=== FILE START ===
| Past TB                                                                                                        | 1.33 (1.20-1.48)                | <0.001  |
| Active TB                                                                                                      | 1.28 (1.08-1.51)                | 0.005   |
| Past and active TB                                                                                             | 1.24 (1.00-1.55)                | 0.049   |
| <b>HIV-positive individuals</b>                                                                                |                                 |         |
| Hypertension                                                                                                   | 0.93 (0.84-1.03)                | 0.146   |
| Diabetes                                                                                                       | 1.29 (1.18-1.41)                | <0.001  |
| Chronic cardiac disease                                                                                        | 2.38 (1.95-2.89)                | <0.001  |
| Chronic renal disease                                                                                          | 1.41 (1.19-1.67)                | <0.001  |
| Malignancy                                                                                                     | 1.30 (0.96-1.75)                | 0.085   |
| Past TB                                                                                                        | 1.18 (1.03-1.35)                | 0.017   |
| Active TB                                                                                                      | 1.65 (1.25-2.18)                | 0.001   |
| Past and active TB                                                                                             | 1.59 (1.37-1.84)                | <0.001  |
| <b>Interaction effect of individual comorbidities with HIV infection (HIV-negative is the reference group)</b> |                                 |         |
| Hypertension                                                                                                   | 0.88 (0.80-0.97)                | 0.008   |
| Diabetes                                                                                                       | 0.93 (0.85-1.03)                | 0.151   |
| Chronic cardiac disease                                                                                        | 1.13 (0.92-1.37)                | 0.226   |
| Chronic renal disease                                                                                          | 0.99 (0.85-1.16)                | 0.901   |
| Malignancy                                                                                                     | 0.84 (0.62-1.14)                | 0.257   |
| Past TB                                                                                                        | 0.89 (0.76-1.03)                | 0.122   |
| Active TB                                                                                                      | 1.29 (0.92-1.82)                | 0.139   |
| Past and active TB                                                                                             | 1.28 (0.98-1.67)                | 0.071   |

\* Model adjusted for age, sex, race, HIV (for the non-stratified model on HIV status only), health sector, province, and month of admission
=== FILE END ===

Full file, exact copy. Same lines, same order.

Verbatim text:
| Past TB                                                                                                        | 1.33 (1.20-1.48)                | <0.001  |
| Active TB                                                                                                      | 1.28 (1.08-1.51)                | 0.005   |
| Past and active TB                                                                                             | 1.24 (1.00-1.55)                | 0.049   |
| <b>HIV-positive individuals</b>                                                                                |                                 |         |
| Hypertension                                                                                                   | 0.93 (0.84-1.03)                | 0.146   |
| Diabetes                                                                                                       | 1.29 (1.18-1.41)                | <0.001  |
| Chronic cardiac disease                                                                                        | 2.38 (1.95-2.89)                | <0.001  |
| Chronic renal disease                                                                                          | 1.41 (1.19-1.67)                | <0.001  |
| Malignancy                                                                                                     | 1.30 (0.96-1.75)                | 0.085   |
| Past TB                                                                                                        | 1.18 (1.03-1.35)                | 0.017   |
| Active TB                                                                                                      | 1.65 (1.25-2.18)                | 0.001   |
| Past and active TB                                                                                             | 1.59 (1.37-1.84)                | <0.001  |
| <b>Interaction effect of individual comorbidities with HIV infection (HIV-negative is the reference group)</b> |                                 |         |
| Hypertension                                                                                                   | 0.88 (0.80-0.97)                | 0.008   |
| Diabetes                                                                                                       | 0.93 (0.85-1.03)                | 0.151   |
| Chronic cardiac disease                                                                                        | 1.13 (0.92-1.37)                | 0.226   |
| Chronic renal disease                                                                                          | 0.99 (0.85-1.16)                | 0.901   |
| Malignancy                                                                                                     | 0.84 (0.62-1.14)                | 0.257   |
| Past TB                                                                                                        | 0.89 (0.76-1.03)                | 0.122   |
| Active TB                                                                                                      | 1.29 (0.92-1.82)                | 0.139   |
| Past and active TB                                                                                             | 1.28 (0.98-1.67)                | 0.071   |

\* Model adjusted for age, sex, race, HIV (for the non-stratified model on HIV status only), health sector, province, and month of admission